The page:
For millennia, the turnip was one of the most popular vegetables out there, and for good reason. While potatoes have more or less cornered the market in the last hundred years, the delightful turnip’s versatility, hardiness and nutritional value are worthy of consideration.
Turnips are a member of the Brassicaceae family, a fairly large group populated by many well-known edible plants including mustard, cabbage, kale, broccoli, Chinese cabbage, Brussels sprouts, rutabaga, radish and canola (rapeseed) in addition to flowers such as alyssum, stocks and wallflowers.
There are many “groups” or variations within the Brassica genus, a fact that makes their classification confusing even to botanists. If you are saving seed from any of these species, make sure you know what plants will cross-pollinate and take care to keep them separated.
Turnips, Brassica rapa var. rapa (sometimes known as B. Campestris), include many closely related varieties that are cultivated primarily for the leaves, although their roots are prized in traditional Japanese cuisine. Other Brassica rapa members include B. rapa var. chinensis — pak choi, bok choi, tatsoi and others — and celery cabbage, known in this country as napa cabbage, B. rapa var. pekinensis. In addition to being cultivated as vegetables, specialty turnips are raised for animal fodder and oil seed.
Turnips can form swollen, rounded, somewhat flattened, or long, cylindrical taproots, with compound (indented) hairy leaves. A true biennial, the turnip requires a vernalization, or cooling period, before producing blooms and seeds in its second year. It’s uncommon that humans consume an entire plant, but these are one of the few, with both roots and greens finding homes in dishes all over the world.
Turnips originated in the Mediterranean region and spread to the Middle East and western Asia, with European cultivation predating the Middle Ages. They still grow wild in parts of eastern Europe and western Russia. First described by Theophrastus in 400 B.C. and later by Pliny in 100 B.C., turnip cultivation was well established in Greek and Roman times and likely predates these civilizations. Ancient writers indicate that folks living in the country, particularly the poor, often utilized this vegetable.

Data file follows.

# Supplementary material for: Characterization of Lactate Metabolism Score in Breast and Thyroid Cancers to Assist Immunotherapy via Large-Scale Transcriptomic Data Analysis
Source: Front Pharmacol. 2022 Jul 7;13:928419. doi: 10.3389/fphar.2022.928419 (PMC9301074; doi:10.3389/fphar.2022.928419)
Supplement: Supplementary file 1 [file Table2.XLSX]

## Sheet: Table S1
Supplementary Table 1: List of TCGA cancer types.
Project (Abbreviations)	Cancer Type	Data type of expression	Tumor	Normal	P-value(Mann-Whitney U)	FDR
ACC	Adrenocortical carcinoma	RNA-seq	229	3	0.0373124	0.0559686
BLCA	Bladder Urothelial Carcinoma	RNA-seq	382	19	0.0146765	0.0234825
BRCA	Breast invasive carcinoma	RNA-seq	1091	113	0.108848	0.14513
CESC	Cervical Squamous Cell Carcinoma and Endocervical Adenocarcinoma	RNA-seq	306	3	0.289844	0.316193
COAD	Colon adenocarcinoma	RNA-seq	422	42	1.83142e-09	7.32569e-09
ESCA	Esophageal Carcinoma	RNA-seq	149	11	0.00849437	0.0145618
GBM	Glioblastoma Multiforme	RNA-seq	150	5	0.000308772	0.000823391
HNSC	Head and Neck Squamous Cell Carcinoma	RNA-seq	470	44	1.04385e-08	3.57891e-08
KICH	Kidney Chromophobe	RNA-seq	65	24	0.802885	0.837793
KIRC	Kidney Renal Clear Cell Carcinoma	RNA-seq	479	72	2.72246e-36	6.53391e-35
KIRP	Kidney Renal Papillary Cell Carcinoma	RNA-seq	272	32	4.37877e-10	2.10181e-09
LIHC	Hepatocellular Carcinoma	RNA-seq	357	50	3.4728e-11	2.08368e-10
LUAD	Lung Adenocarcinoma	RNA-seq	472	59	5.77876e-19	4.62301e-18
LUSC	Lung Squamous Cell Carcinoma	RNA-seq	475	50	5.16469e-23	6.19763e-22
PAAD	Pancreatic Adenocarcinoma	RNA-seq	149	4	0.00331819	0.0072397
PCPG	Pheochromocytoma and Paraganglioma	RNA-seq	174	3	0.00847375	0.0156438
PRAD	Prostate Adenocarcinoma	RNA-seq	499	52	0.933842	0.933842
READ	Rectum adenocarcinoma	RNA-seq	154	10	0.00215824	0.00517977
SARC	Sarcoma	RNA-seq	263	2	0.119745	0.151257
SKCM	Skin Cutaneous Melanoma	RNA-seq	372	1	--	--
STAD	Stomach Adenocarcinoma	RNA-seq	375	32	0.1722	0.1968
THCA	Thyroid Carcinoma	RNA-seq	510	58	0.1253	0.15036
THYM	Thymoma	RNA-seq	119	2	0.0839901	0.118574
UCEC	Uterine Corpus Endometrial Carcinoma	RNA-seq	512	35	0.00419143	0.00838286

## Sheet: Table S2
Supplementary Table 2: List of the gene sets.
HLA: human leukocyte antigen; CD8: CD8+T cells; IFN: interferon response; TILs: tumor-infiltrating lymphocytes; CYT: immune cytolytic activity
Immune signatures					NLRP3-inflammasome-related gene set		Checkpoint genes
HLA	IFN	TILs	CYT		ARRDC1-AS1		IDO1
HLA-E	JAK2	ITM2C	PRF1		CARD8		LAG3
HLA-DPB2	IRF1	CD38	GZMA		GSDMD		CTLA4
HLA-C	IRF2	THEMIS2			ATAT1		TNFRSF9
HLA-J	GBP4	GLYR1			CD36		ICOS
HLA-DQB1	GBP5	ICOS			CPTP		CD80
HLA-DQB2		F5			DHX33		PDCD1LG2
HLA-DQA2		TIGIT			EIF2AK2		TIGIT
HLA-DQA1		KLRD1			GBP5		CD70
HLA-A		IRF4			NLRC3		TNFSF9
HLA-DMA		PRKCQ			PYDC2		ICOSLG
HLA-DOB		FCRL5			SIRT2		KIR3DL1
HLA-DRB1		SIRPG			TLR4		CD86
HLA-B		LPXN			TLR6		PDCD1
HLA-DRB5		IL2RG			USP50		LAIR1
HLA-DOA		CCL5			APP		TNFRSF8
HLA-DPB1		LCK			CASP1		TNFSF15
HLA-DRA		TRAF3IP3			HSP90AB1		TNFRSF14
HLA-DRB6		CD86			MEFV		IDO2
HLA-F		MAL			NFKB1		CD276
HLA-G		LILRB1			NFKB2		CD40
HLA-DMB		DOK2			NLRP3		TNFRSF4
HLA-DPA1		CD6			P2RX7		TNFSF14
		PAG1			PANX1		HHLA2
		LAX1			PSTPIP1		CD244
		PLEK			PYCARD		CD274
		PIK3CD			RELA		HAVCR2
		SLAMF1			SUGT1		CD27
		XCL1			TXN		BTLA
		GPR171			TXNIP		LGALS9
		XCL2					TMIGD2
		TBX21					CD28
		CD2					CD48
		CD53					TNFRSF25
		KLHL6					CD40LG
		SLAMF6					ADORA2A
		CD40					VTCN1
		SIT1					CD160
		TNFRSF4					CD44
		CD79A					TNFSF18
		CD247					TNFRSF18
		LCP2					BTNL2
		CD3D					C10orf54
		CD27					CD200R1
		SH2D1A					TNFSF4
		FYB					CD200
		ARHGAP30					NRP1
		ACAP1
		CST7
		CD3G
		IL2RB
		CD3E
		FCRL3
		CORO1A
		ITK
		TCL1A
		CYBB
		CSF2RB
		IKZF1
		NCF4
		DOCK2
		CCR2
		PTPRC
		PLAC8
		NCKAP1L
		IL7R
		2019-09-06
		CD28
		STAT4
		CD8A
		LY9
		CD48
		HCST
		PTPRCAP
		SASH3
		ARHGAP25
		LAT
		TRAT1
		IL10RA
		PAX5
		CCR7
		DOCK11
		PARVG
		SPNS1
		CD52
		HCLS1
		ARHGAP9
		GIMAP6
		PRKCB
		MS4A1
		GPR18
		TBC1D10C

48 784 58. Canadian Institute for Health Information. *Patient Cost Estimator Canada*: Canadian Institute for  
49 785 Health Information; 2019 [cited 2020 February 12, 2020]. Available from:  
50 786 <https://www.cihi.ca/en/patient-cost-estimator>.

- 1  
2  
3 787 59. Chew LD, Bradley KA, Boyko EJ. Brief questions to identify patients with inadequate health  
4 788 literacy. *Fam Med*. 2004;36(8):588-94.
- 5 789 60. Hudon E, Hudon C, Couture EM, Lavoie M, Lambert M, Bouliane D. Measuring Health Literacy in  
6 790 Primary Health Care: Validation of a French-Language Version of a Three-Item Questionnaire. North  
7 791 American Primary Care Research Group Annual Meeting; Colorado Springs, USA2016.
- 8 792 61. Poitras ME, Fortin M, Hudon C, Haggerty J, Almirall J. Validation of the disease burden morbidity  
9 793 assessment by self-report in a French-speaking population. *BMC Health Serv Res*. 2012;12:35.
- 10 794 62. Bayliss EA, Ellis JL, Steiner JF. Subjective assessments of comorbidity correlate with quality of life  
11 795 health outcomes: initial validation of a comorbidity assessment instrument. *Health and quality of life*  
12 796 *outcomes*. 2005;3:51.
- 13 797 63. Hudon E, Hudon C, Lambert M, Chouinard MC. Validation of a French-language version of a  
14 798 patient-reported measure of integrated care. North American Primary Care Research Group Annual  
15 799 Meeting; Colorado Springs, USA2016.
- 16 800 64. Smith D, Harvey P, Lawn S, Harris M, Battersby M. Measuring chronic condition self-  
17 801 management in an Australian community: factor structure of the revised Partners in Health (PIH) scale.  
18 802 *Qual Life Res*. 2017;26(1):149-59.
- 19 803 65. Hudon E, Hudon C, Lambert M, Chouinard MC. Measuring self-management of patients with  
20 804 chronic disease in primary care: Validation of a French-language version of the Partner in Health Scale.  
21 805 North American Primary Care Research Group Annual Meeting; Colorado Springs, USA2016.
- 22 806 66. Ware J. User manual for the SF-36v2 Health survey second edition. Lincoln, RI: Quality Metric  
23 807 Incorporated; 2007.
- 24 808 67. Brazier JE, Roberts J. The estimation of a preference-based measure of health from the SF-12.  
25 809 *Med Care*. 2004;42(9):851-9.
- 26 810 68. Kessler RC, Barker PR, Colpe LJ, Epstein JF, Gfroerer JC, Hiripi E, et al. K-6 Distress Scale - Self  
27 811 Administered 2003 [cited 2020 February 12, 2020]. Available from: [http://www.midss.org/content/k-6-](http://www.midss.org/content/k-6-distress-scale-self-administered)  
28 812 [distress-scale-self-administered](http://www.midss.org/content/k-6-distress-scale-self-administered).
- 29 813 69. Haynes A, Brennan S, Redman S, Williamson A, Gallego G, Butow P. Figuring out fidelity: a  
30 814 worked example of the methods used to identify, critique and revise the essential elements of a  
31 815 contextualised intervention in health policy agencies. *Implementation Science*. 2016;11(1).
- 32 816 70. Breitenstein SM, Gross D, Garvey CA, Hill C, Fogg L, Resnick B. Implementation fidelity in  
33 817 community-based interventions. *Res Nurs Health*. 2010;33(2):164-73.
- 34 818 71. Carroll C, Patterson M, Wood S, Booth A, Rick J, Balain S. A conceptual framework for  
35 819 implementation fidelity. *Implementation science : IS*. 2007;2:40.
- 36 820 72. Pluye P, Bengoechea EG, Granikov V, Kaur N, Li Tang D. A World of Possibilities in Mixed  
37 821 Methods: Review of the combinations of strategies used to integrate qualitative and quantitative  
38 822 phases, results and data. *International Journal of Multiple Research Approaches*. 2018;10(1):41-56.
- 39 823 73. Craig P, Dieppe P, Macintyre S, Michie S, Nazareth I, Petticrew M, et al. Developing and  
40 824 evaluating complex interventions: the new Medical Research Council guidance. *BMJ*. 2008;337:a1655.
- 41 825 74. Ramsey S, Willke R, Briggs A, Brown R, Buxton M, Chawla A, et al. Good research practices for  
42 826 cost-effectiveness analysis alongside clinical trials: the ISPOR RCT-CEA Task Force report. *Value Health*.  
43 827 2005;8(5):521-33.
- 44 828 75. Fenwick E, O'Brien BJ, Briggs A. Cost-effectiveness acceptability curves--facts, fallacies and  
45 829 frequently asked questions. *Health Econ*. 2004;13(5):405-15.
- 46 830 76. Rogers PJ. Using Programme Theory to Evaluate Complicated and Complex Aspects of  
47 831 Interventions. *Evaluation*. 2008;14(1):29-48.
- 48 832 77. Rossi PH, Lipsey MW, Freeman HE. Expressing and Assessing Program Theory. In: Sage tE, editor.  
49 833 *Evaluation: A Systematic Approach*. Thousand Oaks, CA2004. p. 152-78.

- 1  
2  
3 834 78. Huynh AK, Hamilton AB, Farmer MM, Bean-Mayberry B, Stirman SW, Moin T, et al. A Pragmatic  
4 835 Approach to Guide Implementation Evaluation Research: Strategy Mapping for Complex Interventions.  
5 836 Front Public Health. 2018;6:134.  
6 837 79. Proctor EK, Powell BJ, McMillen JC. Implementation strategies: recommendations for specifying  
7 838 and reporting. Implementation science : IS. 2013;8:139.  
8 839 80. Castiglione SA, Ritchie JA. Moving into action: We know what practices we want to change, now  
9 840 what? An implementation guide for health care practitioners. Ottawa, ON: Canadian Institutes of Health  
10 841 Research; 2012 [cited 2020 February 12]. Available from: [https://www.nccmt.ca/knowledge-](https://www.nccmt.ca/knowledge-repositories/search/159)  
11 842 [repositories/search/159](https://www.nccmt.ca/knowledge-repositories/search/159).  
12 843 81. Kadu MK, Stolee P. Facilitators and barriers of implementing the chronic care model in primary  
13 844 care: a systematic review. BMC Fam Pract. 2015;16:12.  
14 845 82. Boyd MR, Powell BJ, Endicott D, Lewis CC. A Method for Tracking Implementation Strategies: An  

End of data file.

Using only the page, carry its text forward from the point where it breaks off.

Turnips were first cultivated in Colonial America in 1622 and were widely consumed throughout the 18th century. By 1750, the new lands south of Boston reputably grew the best turnips, and this tradition carries on today near Cape Cod in the cultivation of the Eastham Turnip, which is actually a white rutabaga.
In 1810, Philadelphia seedsman Bernard McMahon listed the availability of Early Dutch, Early Stone, Early Green, Yellow Turnip, Large Red, Large Tankard, Large Norfolk Field and White Round. Later 19th-century seed catalogs listed more than 40 varieties. Maule’s 1902 seed catalog included Aberdeen, Goldenball, Southern 7 Top, Extra Early Purple Top Milan, Early White Flat Dutch, Red Top Strap Leaf, Scarlet Kashmir and Late White Norfolk. Turnips could be round, flat, or long cylindrical with white or yellow flesh.
Turnips also are known as “neeps,” derived from the Latin word napus and the Old English naep. Neep is still used in Scotland, although the word often describes rutabagas and the dish haggis and neeps.
The “turn” portion of the vegetable’s name may owe its origin to the association with turning on a lathe and roundness, dating to the 13th century. Another “neep” is the parsnip, unrelated to the turnip. In Italian, a little turnip can be a raviolo, while many of them would be ravioli. The term derives from the word rava, or the Latin rapa for turnip, and perhaps more properly refers to the turnip’s cousin, the rutabaga.